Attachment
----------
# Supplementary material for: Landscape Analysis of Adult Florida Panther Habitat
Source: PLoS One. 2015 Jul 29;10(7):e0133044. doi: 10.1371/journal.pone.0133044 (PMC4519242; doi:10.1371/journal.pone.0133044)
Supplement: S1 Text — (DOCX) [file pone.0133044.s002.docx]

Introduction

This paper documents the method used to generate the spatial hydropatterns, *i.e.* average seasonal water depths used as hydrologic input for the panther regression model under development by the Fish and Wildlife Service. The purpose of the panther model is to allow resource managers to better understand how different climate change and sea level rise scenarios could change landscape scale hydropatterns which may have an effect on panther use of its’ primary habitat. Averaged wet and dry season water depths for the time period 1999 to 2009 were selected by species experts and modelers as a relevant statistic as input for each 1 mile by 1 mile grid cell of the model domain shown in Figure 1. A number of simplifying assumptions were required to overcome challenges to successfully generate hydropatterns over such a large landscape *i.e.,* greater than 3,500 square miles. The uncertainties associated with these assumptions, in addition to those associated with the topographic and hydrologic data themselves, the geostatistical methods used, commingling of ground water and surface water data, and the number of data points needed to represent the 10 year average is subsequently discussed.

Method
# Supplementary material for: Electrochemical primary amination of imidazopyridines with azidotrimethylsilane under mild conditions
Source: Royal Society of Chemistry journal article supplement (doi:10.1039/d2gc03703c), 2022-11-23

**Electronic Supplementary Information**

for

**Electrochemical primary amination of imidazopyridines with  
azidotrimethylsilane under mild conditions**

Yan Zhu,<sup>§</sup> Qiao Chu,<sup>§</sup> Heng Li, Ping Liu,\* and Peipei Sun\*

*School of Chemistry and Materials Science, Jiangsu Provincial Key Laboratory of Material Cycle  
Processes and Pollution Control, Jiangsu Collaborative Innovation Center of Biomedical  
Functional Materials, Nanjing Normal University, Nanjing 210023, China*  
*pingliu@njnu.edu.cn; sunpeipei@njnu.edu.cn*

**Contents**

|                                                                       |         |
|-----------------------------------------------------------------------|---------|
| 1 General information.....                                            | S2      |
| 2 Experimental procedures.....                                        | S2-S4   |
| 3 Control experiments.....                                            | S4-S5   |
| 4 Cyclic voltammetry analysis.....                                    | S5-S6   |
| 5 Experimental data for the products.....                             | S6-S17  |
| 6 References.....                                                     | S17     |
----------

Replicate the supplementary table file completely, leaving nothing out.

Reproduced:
# Supplementary material for: Landscape Analysis of Adult Florida Panther Habitat
Source: PLoS One. 2015 Jul 29;10(7):e0133044. doi: 10.1371/journal.pone.0133044 (PMC4519242; doi:10.1371/journal.pone.0133044)
Supplement: S1 Text — (DOCX) [file pone.0133044.s002.docx]

Introduction

This paper documents the method used to generate the spatial hydropatterns, *i.e.* average seasonal water depths used as hydrologic input for the panther regression model under development by the Fish and Wildlife Service. The purpose of the panther model is to allow resource managers to better understand how different climate change and sea level rise scenarios could change landscape scale hydropatterns which may have an effect on panther use of its’ primary habitat. Averaged wet and dry season water depths for the time period 1999 to 2009 were selected by species experts and modelers as a relevant statistic as input for each 1 mile by 1 mile grid cell of the model domain shown in Figure 1. A number of simplifying assumptions were required to overcome challenges to successfully generate hydropatterns over such a large landscape *i.e.,* greater than 3,500 square miles. The uncertainties associated with these assumptions, in addition to those associated with the topographic and hydrologic data themselves, the geostatistical methods used, commingling of ground water and surface water data, and the number of data points needed to represent the 10 year average is subsequently discussed.

Method
# Supplementary material for: Electrochemical primary amination of imidazopyridines with azidotrimethylsilane under mild conditions
Source: Royal Society of Chemistry journal article supplement (doi:10.1039/d2gc03703c), 2022-11-23

**Electronic Supplementary Information**

for

**Electrochemical primary amination of imidazopyridines with  
azidotrimethylsilane under mild conditions**

Yan Zhu,<sup>§</sup> Qiao Chu,<sup>§</sup> Heng Li, Ping Liu,\* and Peipei Sun\*

*School of Chemistry and Materials Science, Jiangsu Provincial Key Laboratory of Material Cycle  
Processes and Pollution Control, Jiangsu Collaborative Innovation Center of Biomedical  
Functional Materials, Nanjing Normal University, Nanjing 210023, China*  
*pingliu@njnu.edu.cn; sunpeipei@njnu.edu.cn*

**Contents**

|                                                                       |         |
|-----------------------------------------------------------------------|---------|
| 1 General information.....                                            | S2      |
| 2 Experimental procedures.....                                        | S2-S4   |
| 3 Control experiments.....                                            | S4-S5   |
| 4 Cyclic voltammetry analysis.....                                    | S5-S6   |
| 5 Experimental data for the products.....                             | S6-S17  |
| 6 References.....                                                     | S17     |